The March of Dimes discusses stress during pregnancy in the article, Emotional and life changes:

What types of stress can cause pregnancy problems?

Stress is not all bad. When you handle it right, a little stress can help you take on new challenges. Regular stress during pregnancy, such as work deadlines and sitting in traffic, probably don’t add to pregnancy problems.

However, serious types of stress during pregnancy may increase your chances of certain problems, like premature birth. Most women who have serious stress during pregnancy can have healthy babies. But be careful if you experience serious kinds of stress, like:

  • Negative life events. These are things like divorce, serious illness or death in the family, or losing a job or home. 
  • Catastrophic events. These are things like earthquakes, hurricanes or terrorist attacks. 
  • Long-lasting stress. This type of stress can be caused by having financial problems, being abused, having serious health problems or being depressed. Depression is medical condition where strong feelings of sadness last for long periods of time and prevent a person from leading a normal life.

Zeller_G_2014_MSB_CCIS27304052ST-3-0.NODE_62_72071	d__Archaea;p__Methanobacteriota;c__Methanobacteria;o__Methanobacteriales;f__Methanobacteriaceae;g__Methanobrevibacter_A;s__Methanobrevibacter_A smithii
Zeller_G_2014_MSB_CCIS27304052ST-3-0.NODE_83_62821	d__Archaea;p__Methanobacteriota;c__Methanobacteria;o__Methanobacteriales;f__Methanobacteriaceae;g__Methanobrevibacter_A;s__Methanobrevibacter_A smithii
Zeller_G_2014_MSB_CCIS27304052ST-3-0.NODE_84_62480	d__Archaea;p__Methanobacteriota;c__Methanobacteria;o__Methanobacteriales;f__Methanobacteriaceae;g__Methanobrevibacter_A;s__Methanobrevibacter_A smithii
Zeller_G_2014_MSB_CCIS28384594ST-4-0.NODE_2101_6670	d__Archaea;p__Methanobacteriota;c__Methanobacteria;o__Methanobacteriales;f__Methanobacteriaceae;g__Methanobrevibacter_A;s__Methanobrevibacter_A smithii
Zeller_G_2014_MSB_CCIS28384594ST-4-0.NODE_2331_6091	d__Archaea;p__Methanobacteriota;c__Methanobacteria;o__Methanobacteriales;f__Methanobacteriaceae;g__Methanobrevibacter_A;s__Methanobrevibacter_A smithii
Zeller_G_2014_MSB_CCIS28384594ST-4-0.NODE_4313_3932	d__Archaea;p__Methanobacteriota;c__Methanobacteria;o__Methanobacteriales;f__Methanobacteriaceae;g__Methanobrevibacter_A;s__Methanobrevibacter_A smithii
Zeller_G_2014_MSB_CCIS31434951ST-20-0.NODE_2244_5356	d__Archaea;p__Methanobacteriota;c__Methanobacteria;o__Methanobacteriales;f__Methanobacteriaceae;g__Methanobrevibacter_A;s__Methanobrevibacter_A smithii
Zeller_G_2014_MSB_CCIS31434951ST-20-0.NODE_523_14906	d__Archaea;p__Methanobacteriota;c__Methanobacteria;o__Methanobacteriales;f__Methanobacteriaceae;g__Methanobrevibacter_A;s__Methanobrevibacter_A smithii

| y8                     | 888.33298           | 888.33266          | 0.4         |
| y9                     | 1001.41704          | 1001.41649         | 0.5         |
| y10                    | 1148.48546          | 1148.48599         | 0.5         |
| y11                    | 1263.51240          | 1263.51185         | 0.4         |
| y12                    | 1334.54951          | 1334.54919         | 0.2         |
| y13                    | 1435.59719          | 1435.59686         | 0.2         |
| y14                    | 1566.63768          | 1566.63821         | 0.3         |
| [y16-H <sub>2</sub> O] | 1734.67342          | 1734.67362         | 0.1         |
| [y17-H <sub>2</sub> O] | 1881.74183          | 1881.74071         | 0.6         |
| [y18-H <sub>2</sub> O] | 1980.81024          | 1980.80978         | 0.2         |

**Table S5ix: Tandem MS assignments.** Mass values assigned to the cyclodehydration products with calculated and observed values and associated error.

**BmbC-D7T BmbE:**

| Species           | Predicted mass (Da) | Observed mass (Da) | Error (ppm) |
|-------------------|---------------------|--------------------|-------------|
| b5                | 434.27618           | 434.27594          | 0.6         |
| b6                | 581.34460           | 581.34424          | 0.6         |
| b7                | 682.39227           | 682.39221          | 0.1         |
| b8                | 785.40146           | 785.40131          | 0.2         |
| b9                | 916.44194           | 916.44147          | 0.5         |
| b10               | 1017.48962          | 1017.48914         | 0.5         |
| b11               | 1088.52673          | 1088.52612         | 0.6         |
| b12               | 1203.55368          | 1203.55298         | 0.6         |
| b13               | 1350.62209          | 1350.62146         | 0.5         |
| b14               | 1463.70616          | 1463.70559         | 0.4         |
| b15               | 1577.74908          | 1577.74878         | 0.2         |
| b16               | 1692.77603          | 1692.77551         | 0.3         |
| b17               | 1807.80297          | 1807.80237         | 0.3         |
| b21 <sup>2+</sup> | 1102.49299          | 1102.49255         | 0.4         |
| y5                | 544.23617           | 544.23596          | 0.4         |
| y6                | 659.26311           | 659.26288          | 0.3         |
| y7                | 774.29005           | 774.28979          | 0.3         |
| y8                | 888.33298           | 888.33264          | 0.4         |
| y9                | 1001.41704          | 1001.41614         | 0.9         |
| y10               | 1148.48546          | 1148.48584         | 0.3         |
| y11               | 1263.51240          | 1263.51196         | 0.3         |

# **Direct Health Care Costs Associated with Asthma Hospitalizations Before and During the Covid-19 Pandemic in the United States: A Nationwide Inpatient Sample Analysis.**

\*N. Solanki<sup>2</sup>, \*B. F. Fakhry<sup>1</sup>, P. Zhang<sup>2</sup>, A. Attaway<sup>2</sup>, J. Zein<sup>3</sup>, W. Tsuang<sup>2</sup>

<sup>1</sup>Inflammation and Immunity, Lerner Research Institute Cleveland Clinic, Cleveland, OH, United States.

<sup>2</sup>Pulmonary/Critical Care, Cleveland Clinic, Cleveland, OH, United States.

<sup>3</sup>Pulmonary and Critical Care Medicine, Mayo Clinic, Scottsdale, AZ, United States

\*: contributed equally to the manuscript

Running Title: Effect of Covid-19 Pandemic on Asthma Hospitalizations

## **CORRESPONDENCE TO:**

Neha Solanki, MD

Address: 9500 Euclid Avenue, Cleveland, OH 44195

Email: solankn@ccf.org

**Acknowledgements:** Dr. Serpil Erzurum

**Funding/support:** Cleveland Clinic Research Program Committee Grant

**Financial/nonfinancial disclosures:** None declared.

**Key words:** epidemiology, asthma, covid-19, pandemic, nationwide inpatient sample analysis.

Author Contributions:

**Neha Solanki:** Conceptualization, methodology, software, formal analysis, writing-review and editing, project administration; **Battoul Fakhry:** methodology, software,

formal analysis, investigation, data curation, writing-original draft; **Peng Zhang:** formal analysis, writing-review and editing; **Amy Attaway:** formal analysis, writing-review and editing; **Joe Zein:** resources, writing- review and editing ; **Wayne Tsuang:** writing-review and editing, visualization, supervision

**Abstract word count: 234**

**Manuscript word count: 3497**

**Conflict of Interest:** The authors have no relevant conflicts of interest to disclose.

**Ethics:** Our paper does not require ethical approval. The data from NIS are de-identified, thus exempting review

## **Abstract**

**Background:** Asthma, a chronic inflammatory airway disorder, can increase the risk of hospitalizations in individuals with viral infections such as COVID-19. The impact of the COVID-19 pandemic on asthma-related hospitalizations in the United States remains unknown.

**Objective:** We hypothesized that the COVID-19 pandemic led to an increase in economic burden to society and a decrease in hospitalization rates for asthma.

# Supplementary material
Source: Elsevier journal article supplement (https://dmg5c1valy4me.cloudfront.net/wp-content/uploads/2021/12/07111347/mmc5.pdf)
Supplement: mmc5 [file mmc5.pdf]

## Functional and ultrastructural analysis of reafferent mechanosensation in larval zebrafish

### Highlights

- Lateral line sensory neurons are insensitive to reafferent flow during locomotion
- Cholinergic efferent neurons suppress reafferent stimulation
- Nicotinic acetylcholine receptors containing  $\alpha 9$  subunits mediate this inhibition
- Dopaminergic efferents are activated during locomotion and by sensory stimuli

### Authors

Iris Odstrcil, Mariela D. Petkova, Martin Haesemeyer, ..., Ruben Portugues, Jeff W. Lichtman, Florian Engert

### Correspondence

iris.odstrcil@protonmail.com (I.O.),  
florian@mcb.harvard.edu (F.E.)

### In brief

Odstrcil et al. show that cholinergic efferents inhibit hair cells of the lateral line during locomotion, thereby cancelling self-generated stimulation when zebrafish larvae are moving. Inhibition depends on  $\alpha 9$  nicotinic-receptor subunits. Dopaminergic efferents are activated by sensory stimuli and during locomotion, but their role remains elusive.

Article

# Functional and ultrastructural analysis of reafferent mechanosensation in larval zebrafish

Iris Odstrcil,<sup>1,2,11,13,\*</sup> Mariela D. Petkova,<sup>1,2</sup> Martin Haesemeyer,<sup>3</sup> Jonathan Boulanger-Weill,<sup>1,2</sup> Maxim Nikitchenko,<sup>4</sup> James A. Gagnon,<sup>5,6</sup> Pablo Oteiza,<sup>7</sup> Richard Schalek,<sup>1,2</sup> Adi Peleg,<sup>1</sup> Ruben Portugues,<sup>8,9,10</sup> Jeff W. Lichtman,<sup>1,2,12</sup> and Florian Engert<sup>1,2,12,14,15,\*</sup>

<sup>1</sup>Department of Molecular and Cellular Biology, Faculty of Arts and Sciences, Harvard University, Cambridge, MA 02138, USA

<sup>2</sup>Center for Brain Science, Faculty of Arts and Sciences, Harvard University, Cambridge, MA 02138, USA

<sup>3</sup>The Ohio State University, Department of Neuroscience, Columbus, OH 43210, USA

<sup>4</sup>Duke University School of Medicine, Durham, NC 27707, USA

• Racism. Some women may face stress from racism during their lives. This may help explain why African-American women in the United States are more likely to have premature and low-birthweight babies than women from other racial or ethnic groups. 
  • Pregnancy-related stress. Some women may feel serious stress about pregnancy. They may be worried about miscarriage, the health of their baby or about how they’ll cope with labor and birth or becoming a parent. If you feel this way, talk to your health care provider.

Does post-traumatic stress disorder affect pregnancy?
Post-traumatic stress disorder (PTSD) is when you have problems after seeing or experiencing a terrible event, such as rape, abuse, a natural disaster, a terrorist attack or the death of a loved one. People with PTSD may have:

  • Serious anxiety